All eyes are on Samsung's Unpacked event in San Francisco and the launch of the Galaxy S10. Can Samsung's next flagship device save the smartphone industry? This roundtable discussion seems as relevant as ever.
Welcome to what I hope is the first of a regular series of virtual roundtable discussions about important questions facing the future of technology. In this installment, Adrian Kingsley-Hughes, Jason Perlow, and I look at where we're going with smartphones.
Jason's comment from April -- "We have almost certainly reached peak smartphone OS" -- got me thinking about this subject. I was curious whether that could be true. That gave the accompanying video our starting point.
Here are some of the key thoughts you'll see discussed in more depth in the video:
Does innovation need the cloud?
It's all happening in the cloud. All innovation needs the cloud. There are definitely apps -- for example, biometric systems, smart room planners, exercise trackers, and food managers -- that have a long way to go until they're as useful as they can be, and all those apps rely on cloud-based data and AI.
Will inexpensive phones do it all?
Smartphone hardware is becoming commoditized like the PC market was in the last decade. Inexpensive phones under $200 will perform many of the tasks we expect from higher-end phones, including providing excellent cameras. Those devices are likely to be almost disposable, replaced every year or so.
Can apps provide value and differentiation?
Instead of the value being in the hardware, it's up to the apps connected to the cloud to provide value and differentiation. While the phone hardware innovation is likely to be incremental, cloud-enabled apps have a tremendous amount of innovation headroom.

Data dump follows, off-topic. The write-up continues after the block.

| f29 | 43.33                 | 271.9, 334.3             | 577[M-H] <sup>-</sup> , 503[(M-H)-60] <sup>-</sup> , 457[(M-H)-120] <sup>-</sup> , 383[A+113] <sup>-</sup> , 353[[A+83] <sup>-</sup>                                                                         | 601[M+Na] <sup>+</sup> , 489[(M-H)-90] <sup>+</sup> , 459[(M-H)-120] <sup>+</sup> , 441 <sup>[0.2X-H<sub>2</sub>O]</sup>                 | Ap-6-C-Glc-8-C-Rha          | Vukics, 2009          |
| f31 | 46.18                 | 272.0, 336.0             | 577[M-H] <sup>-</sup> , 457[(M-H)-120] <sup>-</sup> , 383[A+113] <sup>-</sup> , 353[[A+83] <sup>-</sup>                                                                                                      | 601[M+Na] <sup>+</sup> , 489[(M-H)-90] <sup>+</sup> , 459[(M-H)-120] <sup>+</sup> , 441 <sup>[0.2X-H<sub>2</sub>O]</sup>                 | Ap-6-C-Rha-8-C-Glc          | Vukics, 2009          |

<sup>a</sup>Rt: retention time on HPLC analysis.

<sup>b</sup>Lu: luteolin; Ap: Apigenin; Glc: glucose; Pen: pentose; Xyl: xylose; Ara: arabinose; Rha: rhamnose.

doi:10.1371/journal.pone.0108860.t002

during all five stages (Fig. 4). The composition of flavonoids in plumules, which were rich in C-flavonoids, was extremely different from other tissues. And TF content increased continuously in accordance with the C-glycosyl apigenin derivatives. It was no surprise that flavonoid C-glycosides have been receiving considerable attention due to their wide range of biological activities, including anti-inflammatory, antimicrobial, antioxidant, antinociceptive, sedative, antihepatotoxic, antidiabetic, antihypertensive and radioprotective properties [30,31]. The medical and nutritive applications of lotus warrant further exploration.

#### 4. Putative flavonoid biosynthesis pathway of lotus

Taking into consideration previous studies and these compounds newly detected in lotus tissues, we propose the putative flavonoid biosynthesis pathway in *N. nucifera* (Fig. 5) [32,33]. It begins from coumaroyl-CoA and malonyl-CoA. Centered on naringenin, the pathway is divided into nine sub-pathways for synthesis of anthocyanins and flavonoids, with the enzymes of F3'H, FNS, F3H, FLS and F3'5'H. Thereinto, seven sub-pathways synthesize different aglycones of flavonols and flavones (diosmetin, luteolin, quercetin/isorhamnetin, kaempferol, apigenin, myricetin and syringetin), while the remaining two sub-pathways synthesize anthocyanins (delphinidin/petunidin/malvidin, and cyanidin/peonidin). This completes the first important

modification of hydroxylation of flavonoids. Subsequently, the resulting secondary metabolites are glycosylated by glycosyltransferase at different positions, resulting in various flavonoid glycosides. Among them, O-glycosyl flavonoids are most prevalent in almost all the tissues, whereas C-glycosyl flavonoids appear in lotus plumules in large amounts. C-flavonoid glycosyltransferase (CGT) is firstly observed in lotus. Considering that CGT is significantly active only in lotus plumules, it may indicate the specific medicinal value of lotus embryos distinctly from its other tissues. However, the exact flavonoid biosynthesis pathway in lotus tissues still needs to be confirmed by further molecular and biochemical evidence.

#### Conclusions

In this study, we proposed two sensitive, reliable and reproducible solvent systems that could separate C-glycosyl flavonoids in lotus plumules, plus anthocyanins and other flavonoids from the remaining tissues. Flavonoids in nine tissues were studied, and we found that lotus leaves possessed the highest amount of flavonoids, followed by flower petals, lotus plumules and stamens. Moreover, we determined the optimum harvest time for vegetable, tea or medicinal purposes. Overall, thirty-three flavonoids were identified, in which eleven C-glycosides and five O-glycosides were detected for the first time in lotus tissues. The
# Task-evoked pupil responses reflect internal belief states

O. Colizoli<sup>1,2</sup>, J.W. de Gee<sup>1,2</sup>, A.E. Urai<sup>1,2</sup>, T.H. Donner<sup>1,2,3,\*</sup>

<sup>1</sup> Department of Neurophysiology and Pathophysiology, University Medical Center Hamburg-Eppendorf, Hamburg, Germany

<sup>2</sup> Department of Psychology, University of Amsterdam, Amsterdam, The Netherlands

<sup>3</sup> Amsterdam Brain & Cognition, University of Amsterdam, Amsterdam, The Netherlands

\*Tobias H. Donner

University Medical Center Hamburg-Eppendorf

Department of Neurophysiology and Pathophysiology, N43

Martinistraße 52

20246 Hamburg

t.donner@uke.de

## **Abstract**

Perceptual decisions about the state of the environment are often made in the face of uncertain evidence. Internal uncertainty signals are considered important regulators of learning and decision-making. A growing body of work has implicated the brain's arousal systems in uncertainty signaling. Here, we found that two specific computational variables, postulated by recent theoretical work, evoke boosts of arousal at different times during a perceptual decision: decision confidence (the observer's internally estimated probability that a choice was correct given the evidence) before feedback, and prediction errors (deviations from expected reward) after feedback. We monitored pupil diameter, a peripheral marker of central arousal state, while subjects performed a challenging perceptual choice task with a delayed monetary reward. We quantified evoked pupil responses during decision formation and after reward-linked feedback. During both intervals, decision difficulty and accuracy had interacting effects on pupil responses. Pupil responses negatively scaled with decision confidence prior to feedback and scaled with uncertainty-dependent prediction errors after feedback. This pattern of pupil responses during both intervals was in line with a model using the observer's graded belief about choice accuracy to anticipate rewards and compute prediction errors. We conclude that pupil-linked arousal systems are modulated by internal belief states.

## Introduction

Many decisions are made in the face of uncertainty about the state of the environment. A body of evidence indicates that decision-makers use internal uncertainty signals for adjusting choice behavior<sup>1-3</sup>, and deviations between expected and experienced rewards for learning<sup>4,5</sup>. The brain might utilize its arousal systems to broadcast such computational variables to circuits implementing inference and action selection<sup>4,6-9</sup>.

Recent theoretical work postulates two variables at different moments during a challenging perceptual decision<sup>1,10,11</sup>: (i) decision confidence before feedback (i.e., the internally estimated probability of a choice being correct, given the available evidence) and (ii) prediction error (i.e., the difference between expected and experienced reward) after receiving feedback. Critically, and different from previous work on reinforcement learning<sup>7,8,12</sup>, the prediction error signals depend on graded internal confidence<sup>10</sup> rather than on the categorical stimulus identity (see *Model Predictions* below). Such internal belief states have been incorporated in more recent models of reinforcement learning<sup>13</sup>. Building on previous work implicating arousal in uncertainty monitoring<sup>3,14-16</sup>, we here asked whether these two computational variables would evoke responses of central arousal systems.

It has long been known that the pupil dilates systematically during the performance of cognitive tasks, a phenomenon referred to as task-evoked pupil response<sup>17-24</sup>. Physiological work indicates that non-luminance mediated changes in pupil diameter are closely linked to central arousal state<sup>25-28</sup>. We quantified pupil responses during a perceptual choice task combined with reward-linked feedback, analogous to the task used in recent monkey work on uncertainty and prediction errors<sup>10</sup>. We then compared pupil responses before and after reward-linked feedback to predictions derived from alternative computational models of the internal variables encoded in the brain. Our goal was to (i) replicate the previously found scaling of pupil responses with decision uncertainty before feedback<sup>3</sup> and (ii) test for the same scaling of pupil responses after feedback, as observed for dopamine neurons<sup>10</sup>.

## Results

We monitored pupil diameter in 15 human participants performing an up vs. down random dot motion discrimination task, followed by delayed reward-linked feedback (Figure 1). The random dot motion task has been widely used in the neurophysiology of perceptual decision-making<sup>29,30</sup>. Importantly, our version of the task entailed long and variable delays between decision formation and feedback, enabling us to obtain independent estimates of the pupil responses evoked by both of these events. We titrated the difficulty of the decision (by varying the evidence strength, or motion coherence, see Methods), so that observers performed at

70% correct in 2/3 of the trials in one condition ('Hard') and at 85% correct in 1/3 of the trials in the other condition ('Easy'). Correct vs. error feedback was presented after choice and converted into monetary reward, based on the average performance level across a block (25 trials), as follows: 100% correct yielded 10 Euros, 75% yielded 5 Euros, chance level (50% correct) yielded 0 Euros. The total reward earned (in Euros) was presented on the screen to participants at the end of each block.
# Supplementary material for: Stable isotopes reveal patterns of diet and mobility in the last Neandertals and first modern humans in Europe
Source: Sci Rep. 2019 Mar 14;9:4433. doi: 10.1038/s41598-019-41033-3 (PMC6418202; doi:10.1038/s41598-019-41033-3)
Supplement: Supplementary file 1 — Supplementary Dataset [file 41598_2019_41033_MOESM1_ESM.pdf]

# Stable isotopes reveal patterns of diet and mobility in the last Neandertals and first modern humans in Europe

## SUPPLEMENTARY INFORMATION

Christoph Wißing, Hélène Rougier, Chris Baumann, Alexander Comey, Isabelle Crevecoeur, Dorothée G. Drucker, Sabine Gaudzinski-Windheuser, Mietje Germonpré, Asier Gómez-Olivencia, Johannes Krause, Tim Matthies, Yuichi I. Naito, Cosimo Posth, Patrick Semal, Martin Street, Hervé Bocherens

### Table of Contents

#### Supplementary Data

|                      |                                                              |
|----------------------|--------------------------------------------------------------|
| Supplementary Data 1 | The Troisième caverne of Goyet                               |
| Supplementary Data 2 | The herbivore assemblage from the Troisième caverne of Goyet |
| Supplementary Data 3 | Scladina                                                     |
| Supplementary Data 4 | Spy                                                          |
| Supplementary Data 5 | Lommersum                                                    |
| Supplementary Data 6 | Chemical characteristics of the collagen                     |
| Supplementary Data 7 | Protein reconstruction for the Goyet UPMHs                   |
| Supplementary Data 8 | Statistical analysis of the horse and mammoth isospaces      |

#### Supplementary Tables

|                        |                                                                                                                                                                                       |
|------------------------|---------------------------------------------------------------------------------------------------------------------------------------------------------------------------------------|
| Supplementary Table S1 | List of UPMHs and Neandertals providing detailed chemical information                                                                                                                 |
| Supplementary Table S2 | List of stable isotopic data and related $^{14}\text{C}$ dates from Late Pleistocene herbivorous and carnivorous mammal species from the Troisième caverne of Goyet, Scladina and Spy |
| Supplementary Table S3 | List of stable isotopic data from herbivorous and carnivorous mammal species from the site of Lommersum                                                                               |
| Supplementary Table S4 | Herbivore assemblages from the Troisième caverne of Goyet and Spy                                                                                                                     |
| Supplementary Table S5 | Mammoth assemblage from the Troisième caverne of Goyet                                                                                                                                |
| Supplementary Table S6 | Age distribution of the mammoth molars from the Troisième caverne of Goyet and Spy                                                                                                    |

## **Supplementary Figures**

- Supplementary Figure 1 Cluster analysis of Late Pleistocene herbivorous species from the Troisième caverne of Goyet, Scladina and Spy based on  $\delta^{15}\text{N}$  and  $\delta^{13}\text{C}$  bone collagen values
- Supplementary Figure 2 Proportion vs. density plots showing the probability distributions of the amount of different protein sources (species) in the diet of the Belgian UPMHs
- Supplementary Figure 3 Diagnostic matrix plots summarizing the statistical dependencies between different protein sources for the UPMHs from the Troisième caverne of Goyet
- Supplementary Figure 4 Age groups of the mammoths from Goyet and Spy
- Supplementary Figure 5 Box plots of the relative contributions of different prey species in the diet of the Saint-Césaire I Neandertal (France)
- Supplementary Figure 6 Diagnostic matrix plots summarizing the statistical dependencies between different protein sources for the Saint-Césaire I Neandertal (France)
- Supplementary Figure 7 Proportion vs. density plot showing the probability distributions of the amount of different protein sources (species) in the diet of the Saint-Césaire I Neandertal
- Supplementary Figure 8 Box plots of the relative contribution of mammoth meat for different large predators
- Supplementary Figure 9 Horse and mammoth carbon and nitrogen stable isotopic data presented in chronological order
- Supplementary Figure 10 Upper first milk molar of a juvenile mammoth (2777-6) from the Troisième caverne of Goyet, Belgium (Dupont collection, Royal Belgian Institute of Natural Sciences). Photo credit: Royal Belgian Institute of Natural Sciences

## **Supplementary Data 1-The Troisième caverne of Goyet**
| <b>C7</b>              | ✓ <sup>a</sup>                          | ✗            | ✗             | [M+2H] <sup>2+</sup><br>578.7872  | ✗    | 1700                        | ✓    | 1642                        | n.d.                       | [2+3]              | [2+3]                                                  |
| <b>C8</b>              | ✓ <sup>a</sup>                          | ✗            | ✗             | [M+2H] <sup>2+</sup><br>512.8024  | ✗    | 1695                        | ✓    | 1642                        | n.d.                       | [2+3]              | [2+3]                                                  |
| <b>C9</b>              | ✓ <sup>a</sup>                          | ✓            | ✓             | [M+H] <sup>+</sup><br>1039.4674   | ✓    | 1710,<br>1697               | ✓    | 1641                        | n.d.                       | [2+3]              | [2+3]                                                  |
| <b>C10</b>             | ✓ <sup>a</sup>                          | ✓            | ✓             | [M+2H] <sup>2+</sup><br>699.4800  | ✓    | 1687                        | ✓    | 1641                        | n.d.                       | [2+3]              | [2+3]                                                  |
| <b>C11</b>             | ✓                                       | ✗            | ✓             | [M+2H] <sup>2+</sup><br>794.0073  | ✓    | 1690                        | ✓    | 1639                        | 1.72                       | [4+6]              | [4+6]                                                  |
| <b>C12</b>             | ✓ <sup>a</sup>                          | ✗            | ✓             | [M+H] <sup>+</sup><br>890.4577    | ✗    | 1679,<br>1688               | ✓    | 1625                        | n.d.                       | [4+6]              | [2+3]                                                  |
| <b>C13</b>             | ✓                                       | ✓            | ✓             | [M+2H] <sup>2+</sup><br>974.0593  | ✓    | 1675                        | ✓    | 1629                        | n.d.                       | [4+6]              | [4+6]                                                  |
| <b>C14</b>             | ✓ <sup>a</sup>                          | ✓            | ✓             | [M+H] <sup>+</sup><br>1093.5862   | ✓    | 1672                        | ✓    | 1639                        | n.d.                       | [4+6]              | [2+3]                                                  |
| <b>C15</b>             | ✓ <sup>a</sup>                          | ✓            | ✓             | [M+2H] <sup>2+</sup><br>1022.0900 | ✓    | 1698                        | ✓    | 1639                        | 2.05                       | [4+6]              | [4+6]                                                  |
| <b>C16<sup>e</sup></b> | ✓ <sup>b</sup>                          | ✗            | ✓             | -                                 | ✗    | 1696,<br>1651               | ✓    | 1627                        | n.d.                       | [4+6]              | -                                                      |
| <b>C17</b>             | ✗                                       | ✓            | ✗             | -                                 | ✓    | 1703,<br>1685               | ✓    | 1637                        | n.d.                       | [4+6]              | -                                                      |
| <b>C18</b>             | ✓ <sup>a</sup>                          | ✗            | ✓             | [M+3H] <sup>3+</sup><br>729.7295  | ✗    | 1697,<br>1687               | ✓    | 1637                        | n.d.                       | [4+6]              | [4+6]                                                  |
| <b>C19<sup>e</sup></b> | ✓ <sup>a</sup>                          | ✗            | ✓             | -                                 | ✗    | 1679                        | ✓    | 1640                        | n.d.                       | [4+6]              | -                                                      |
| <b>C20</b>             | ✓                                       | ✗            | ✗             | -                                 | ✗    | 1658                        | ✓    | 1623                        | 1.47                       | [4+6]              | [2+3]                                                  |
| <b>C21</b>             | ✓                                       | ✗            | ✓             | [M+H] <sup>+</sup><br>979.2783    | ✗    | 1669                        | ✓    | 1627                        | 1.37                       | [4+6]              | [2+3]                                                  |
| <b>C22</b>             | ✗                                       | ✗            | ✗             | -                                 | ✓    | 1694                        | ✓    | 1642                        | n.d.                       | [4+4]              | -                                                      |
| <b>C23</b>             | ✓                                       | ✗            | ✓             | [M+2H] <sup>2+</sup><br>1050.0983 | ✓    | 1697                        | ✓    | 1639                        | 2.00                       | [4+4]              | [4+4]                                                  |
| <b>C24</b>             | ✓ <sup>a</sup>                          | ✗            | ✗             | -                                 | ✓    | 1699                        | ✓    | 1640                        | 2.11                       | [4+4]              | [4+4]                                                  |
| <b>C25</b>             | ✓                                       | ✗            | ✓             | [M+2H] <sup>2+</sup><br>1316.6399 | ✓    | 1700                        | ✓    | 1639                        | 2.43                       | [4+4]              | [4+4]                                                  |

Does the smartphone form factor work?
While the smartphone was once a convergence device, expect a raft of secondary gadgets connected to smartphones. The smartphone form factor doesn't work for everything.
Will vendors force an app gap?
Microsoft might have the answer for developing smartphone apps more so than even Google or Apple. Microsoft is becoming a tools vendor and an infrastructure vendor rather than primarily an OS vendor.
Will vendors force an "app gap" by fostering exclusives on their platforms? This could mirror how video game platform companies are trying to distinguish themselves and get buyers onto their platforms.
We're not looking at mobile-first companies. We're looking at cloud-first, and mobile is how you get to it.
Do people care about security and privacy?
Where does security and privacy fit? Do people care? Some do, but not for day-to-day things. But personal health and financial data needs extreme protection, which may not be available, especially given that vendors are not pushing updates to users.
There's a lot more we discussed. Be sure to watch the video and share your thoughts below. Let us know if you like this format, and if you'd like to see more programming like this kind.
- Your smartphone is going to look a lot stranger next time around
Big, small, folding and curvy; MWC should see plenty of oddities to tempt jaded gadget buyers. But the real action is elsewhere.
- Samsung Galaxy S10: Here's everything we expect
Samsung's latest crop of flagship smartphones are fast approaching.
- The 10 best smartphones you can buy right now
It's easy to find a great phone today. In fact, current flagship devices are so good you really don't need to be replacing them every year.
- The 10 best not-so-new phones: Why last year's models make great deals
"Latest and greatest" doesn't always make a device your best buy. Matt Miller finds a few select older models that deliver way more value and could mean hundreds of dollars saved.